That there is every right for the flaky, off-the-wall and downright weird to exist and to display itself is obvious – just as long as the cocktail of ingredients which are displayed at these shows does not confuse the speculative and unproven with what is demonstrably valid and valuable. The fact that not a single stand at a recent major London health show related to osteopathy, chiropractic, homeopathy, herbal medicine, naturopathy or acupuncture indicates pretty clearly that these well established professions feel it unwise to connect themselves with what is on display. Those health oriented stands which were present were struggling against a background of the frankly odd-ball and plain commercial, which cannot have done them a great deal of good. Far more important, as I indicated at the outset, is the fact that this sort of circus and side-show atmosphere is presented as representing the frontiers of complementary thinking and activities, when it does not.

And what of the health methods on display? Apart from a vast selection of books, health foods and supplements there was one true oasis of calm – a large stand operated by a confederation of healers, where volunteers offered the chance for a healing session for a modest donation.

There were also a selection of aromatherapy, hand, foot, head and other massage variations – all of which were very well utilised by the foot weary and brain-fogged people who had worked their way through the maze of purveyors of crystals, candles, incense, jewellery, new-age tapes and CDs, didgeridoos, drums, tee-shirts and assorted nutritional (and some less than nutritional) drink and food dispensing stands, not to mention those representing various sects, touting a range of religious possibilities.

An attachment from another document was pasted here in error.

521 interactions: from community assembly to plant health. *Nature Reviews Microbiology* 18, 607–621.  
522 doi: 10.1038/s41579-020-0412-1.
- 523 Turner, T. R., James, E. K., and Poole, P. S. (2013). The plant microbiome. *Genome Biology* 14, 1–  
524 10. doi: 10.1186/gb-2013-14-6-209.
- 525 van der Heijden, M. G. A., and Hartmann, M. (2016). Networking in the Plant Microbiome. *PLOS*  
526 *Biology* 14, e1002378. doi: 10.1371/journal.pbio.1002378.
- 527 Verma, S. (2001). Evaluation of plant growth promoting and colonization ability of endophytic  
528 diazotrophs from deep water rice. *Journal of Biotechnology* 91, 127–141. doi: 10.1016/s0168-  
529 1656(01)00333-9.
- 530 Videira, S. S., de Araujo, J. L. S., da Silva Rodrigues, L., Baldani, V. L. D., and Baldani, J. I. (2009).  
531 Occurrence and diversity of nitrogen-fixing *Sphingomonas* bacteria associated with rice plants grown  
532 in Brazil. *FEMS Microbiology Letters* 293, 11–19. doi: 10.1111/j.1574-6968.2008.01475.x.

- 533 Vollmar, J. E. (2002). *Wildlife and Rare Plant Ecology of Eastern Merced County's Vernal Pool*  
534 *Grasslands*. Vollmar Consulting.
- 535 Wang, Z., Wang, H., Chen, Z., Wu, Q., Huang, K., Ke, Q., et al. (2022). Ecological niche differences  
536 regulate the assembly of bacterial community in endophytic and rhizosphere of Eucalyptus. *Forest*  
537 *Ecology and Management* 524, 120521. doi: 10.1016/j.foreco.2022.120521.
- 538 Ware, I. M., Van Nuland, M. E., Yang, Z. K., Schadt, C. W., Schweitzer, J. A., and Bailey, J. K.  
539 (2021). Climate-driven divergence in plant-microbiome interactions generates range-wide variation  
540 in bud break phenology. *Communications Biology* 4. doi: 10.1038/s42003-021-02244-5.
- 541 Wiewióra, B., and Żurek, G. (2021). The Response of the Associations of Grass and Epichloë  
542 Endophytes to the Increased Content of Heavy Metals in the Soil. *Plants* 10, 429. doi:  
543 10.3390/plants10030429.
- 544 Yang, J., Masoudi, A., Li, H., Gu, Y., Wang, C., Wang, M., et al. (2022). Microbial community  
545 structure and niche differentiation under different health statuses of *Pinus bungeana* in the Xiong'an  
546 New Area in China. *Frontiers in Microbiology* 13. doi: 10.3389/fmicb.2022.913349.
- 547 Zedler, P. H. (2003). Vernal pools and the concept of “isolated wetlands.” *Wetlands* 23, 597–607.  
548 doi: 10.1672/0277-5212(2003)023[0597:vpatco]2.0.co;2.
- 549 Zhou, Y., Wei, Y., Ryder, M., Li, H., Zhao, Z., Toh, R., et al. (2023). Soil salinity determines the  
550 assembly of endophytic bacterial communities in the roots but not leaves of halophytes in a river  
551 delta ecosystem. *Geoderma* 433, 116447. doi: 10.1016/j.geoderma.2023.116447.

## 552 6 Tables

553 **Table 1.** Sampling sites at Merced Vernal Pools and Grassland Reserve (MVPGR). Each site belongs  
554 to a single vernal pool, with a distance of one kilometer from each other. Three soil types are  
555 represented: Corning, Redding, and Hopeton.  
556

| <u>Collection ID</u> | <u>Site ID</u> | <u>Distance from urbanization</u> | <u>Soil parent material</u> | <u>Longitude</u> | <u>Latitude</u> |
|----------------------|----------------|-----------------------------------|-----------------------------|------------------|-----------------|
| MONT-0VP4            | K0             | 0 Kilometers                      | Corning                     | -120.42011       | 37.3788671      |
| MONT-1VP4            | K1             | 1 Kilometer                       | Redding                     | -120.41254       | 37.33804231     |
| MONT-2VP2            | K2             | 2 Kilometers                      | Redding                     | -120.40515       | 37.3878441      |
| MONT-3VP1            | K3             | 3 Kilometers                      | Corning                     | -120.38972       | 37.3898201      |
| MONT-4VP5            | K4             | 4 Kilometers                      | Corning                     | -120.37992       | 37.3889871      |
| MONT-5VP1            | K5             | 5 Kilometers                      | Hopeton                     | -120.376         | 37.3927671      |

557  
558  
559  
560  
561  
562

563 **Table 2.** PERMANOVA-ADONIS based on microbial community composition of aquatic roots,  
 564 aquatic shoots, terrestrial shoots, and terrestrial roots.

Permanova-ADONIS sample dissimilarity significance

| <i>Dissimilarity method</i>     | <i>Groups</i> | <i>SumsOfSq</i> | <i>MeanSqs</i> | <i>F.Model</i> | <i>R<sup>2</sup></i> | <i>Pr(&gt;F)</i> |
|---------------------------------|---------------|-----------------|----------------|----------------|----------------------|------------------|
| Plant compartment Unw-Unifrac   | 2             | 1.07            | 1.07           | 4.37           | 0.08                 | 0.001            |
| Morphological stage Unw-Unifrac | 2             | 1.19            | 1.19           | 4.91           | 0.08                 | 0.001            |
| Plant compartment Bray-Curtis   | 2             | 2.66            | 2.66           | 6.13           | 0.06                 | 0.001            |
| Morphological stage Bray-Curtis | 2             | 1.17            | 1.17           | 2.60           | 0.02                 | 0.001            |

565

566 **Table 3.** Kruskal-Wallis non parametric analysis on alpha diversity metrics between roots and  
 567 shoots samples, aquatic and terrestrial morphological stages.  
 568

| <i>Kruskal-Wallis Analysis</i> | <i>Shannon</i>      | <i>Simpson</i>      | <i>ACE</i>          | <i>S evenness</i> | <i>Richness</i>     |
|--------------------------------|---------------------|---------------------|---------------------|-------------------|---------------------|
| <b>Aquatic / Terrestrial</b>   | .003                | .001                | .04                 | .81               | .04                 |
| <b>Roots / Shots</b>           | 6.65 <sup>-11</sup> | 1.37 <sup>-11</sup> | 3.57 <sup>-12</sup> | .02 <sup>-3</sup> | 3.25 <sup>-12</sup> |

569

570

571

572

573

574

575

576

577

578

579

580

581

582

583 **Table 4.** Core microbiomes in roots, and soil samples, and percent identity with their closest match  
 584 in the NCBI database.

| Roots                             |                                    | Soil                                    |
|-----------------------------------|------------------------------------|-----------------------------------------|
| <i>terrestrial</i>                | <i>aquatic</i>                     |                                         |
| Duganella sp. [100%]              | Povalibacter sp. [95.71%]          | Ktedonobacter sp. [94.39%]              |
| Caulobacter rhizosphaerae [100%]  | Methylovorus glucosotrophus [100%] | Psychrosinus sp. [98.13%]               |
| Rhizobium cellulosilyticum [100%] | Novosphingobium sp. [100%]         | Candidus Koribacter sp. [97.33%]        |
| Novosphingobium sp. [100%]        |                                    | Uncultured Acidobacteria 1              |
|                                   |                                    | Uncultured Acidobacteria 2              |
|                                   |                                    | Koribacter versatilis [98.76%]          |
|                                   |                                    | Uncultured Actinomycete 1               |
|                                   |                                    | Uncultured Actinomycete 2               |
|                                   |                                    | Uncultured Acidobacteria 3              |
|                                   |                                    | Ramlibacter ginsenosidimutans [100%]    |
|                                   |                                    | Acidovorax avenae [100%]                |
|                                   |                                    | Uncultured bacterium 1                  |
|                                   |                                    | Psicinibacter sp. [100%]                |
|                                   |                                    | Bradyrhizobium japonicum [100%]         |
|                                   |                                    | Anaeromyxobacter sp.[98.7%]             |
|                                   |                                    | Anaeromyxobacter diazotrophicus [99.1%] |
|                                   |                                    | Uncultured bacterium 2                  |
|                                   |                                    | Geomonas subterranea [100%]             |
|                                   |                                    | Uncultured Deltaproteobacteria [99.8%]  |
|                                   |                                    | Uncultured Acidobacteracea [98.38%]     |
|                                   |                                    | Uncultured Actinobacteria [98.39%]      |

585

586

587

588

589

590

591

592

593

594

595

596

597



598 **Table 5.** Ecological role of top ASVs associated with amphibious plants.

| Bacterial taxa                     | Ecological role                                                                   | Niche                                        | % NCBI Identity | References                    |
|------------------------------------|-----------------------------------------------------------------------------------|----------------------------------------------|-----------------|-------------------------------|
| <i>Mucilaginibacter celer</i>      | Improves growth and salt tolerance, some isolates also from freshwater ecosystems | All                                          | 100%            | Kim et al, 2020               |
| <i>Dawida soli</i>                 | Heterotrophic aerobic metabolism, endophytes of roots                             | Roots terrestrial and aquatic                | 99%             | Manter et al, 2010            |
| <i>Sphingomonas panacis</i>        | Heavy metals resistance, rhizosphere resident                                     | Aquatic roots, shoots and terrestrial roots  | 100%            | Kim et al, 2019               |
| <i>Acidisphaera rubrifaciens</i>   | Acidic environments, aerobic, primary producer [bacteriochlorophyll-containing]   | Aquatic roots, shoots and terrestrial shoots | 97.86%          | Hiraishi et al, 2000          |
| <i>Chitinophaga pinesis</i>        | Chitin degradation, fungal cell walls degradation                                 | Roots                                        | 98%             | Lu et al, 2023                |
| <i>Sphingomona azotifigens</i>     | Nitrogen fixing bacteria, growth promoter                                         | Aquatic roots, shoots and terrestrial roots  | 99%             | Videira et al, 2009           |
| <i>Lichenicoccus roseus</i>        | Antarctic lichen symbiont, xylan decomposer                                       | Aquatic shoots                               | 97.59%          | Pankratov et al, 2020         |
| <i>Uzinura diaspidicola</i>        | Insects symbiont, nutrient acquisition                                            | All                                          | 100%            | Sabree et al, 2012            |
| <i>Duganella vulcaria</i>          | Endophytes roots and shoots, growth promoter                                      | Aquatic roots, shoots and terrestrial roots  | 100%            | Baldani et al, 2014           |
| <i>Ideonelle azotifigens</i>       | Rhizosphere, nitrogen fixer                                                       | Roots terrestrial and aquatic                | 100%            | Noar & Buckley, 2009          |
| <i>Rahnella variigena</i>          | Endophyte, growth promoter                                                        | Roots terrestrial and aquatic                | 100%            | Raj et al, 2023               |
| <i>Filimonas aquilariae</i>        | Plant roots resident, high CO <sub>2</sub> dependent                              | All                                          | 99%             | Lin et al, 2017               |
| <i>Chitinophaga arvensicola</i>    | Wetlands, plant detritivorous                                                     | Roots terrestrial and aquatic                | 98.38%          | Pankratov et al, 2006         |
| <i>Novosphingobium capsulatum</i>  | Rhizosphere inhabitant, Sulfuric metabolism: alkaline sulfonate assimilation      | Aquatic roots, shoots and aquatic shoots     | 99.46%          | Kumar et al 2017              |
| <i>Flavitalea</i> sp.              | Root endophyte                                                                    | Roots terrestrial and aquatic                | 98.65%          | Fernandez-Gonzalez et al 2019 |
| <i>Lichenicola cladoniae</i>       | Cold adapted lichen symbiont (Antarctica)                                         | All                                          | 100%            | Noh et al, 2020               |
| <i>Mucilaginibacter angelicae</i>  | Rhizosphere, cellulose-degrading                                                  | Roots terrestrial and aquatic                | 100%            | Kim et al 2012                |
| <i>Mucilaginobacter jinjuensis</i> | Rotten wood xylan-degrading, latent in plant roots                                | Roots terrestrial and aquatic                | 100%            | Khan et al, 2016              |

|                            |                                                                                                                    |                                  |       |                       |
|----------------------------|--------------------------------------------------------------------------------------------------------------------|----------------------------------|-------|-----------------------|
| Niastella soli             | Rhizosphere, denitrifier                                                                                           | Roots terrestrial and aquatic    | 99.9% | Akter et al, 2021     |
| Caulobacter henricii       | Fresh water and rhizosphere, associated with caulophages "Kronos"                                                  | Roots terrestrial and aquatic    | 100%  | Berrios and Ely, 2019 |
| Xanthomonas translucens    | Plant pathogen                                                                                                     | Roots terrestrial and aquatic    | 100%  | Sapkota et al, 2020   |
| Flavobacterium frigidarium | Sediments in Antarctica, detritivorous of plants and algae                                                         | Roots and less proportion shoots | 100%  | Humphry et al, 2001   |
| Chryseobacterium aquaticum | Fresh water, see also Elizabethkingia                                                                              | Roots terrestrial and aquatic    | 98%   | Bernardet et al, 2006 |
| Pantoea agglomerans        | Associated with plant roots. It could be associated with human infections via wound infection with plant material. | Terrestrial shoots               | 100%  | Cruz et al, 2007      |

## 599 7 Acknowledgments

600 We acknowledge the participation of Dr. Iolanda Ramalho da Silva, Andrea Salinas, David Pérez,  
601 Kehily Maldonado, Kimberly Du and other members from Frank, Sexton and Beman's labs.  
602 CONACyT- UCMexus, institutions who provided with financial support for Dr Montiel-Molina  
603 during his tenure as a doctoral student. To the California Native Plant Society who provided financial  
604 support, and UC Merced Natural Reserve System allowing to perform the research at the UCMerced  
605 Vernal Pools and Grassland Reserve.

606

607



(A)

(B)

There were, of course, also a large number of talks, demonstrations and workshops, many of which were of high standard and very informative – but the vast majority of those attending never see these since they needed to be booked separately, and in the main involve an additional fee to attend.

So what’s my gripe?

That in order to put such shows on nowadays the organisers are obliged to be less discriminating in who they allow to display and present than is desirable. That as a result what is valid and valuable is tainted by the odd and frankly undesirable, and that there is no way that the innocent attender can make sense of what is and what is not worth investigating and utilising.

What’s the answer? One possibility would be to attract some form of unconditional sponsorship which would allow for higher standards of entry, which would attract the well established professions to once more display and participate. At the present rate the degeneration into a selection of side-shows will result in the skeptical and the scornful being shown to be correct, leading to an unjustified – if understandable – return to accusations of complementary health care being quackery.


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About Leon Chaitow, ND DO

Leon Chaitow ND DO - December 7, 1937 — September 20, 2018 was a registered Osteopath and Naturopath and an Honorary Fellow at the University of Westminster. He has been author of over 70 books, edited the peer reviewed Journal of Bodywork & Movement Therapies, and practised in a NHS Health Centre and privately. He taught widely to Physiotherapists, Osteopaths, Chiropractors and Massage Therapists. Further information about Leon who sadly died 20 September 2018 is available via his website: